EAN GAS MIX CALCULATOR HELP FILE
Gary C. Kessler

This online calculator is a utility for EAN gas blenders. It should only be used by those certified in partial pressure gas blending.

Given a tank with a known starting EAN mix (MS) and pressure (PS), and a desired EAN mix (MD) and pressure (PD), the calculator will display to what pressure you need to add your fill gas (PF), followed by the pressure to add of your top-off gas (PT). The calculator assumes that the fill gas is 100% oxygen (MF = 100) and the top-off gas is air (MT = 20.9).

The estimated fill time is based upon the assumption of filling at a rate of 1 psi (0.068 bar) per second, which is the recommended rate when filling with 100% oxygen.

In some cases, you need to bleed off some of the tank before you can hit your desired pO2. In those cases, the calculator will provide an appropriate message.

The Starting and Desired Mix must be between 20.9% and 40%, and the Starting and Desired Pressure must be between 0 and 4000 psi/270 bar. Incorrect input will be flagged with an error message.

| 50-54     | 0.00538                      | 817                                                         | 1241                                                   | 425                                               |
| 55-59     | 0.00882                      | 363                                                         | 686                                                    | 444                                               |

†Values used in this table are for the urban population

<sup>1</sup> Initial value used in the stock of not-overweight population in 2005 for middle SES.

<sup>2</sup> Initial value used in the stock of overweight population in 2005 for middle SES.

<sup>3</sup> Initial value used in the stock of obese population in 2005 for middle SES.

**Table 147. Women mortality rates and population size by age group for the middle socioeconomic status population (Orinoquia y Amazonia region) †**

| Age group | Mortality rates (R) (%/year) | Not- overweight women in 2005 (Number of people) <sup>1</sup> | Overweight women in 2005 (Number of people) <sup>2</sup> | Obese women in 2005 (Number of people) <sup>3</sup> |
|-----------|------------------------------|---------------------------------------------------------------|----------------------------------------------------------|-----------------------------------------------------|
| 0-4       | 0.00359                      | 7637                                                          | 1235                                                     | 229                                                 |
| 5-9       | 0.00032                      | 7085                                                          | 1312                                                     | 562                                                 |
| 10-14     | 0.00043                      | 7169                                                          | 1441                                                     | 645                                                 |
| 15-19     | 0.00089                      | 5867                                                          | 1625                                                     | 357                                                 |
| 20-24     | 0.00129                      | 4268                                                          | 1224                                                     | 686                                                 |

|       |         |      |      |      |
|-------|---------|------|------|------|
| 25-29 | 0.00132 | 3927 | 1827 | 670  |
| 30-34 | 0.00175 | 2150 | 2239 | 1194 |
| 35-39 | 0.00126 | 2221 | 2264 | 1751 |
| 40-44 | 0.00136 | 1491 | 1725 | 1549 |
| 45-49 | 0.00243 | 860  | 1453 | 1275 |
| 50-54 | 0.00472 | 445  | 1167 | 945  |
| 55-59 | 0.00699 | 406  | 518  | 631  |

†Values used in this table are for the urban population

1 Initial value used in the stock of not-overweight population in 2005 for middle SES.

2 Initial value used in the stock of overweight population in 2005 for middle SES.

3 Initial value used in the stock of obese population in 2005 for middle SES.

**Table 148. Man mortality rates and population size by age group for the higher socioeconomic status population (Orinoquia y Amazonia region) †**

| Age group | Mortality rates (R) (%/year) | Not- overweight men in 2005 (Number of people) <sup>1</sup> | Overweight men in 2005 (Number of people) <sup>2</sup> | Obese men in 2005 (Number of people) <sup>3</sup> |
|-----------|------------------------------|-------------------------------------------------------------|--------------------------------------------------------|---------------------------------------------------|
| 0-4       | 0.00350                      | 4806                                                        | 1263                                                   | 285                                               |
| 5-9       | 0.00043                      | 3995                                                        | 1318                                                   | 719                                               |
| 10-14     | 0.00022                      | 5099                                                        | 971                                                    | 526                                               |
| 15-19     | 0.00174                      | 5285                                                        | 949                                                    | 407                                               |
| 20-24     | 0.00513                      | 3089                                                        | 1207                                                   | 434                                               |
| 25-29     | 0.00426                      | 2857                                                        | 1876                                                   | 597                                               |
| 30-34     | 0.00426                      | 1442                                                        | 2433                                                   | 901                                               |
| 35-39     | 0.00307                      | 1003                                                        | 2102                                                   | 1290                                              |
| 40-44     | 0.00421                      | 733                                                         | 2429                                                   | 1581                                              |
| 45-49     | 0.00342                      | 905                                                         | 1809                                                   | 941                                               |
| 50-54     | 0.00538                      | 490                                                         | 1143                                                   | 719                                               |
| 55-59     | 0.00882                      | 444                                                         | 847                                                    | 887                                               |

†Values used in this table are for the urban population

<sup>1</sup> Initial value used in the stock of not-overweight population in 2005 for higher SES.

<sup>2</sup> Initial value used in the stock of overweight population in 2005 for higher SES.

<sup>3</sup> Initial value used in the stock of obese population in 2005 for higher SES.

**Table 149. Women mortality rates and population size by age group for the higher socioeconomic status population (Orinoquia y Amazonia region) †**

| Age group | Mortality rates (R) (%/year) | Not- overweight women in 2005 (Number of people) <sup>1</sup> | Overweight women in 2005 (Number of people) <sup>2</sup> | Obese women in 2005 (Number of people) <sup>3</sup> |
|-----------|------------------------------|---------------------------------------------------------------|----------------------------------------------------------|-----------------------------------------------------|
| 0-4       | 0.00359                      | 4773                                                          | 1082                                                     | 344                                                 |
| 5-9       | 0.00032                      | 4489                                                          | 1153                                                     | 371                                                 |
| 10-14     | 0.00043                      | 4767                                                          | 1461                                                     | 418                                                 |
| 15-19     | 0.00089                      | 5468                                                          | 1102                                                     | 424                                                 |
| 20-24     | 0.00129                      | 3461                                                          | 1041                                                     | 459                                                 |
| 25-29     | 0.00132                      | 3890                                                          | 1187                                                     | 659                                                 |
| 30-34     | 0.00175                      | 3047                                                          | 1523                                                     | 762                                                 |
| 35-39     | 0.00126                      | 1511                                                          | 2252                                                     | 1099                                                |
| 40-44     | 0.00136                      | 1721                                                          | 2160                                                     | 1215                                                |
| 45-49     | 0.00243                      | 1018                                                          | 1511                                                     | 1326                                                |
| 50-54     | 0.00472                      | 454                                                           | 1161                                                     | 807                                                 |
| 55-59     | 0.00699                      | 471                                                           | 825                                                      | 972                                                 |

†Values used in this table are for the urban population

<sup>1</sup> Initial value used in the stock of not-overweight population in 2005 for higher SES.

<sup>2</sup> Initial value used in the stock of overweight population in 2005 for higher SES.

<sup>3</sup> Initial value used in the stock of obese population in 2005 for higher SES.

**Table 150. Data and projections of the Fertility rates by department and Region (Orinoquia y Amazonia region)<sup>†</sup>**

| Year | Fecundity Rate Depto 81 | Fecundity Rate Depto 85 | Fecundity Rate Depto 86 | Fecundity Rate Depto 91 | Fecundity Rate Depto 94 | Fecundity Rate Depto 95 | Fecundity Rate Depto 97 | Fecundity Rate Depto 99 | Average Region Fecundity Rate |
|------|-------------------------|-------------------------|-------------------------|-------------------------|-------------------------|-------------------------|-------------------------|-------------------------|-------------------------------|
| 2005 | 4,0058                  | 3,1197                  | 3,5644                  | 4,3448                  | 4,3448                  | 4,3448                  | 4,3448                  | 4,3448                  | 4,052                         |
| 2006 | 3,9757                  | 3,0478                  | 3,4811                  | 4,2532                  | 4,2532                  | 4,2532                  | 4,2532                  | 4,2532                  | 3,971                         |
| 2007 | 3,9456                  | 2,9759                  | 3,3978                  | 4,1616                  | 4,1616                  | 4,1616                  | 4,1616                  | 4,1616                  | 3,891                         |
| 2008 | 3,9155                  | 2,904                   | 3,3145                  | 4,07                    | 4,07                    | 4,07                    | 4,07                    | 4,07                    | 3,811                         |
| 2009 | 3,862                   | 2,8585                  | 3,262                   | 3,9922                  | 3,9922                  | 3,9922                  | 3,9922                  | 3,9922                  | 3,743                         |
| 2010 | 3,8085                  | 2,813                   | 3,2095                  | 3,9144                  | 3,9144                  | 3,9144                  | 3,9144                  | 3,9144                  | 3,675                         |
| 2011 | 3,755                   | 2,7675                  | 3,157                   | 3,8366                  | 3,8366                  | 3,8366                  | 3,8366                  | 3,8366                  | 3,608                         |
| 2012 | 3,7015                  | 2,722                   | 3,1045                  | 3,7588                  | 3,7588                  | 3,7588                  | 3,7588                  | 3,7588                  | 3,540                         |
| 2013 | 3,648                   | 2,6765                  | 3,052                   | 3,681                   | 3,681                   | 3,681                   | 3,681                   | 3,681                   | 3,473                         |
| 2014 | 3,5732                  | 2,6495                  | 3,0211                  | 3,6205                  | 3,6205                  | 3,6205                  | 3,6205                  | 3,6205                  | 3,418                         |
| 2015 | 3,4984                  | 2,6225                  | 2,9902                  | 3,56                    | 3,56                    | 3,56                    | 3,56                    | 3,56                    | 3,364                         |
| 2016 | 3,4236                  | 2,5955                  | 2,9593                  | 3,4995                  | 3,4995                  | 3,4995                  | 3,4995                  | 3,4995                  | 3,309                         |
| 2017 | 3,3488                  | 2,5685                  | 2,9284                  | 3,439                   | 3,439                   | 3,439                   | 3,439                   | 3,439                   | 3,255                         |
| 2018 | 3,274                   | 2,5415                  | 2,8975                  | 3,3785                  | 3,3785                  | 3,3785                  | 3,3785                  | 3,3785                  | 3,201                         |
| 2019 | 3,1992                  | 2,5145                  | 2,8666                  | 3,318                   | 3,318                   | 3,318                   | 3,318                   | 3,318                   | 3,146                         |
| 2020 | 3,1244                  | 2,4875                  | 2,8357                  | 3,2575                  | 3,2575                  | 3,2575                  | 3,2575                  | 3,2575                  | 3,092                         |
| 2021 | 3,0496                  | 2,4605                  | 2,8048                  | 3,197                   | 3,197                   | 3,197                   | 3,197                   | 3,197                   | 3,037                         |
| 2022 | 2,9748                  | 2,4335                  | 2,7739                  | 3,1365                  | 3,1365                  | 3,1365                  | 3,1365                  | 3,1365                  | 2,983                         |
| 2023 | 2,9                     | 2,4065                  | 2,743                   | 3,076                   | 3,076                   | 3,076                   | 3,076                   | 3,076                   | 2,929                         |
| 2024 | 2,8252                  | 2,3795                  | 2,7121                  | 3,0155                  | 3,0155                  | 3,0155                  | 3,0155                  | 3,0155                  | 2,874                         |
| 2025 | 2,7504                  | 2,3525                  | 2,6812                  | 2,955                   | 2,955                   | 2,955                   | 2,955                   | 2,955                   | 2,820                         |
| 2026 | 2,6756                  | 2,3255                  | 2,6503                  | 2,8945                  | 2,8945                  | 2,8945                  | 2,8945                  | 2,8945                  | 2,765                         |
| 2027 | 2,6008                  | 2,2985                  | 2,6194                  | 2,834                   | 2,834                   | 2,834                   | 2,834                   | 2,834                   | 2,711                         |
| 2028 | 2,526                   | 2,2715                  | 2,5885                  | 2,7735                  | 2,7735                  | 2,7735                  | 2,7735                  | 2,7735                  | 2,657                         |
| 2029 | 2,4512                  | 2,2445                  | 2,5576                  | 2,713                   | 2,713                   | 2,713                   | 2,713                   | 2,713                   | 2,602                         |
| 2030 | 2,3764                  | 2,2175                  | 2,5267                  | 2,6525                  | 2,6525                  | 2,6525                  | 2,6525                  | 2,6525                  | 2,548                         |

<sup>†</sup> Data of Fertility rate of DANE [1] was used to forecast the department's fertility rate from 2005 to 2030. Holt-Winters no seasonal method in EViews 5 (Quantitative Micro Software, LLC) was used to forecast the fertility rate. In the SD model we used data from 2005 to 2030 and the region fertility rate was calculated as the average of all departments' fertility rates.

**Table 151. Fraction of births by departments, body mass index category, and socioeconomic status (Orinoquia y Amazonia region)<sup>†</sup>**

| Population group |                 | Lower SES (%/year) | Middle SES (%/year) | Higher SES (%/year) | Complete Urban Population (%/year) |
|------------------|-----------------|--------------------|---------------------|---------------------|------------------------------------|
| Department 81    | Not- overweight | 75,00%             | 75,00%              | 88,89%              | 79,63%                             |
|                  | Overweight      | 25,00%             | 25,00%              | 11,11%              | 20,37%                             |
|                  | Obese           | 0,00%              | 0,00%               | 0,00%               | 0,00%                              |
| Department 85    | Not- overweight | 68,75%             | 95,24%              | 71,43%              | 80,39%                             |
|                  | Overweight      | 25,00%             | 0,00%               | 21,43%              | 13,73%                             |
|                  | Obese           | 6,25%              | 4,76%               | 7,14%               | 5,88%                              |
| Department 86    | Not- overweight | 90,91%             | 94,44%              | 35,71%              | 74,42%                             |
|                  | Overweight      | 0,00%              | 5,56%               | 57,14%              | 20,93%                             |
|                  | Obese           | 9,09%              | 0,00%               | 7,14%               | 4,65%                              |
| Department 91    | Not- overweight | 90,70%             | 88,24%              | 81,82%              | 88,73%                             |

Data entry hint: If the starting tank pressure is 0 psi/bar, the starting mix value doesn't matter, as long as it is valid. Note, however, that an "empty" tank actually has a starting pressure of 14.7 psi or 1 bar, and a starting pO2 of 20.9.

As an aside, the mathematics behind the calculator is actually just some basic algebra. We know from physics (Dalton's Law, to be precise) that the composition of a gas is the sum of the composition of the component gases that make it up and the pressure of a gas is the sum of the pressure of the component gases (e.g., air is 79% N2 at 14.7 psi/1 bar and 20.9% O2 at 14.7 psi/1 bar).

So, after all of this, we get these two equations:

• PDxMD = PSxMS + PFxMF + PTxMT
• PD = PS + PF + PT

We know the mix of the fill and top-off gas. We can measure the starting pressure and mix of what's in the tank. The customer will tell us the desired pressure and mix. Therefore, all we need to determine is the needed pressure of the fill and top-off gases. Thus, we have two equations and two unknowns. Simple algebra gets us the required formula.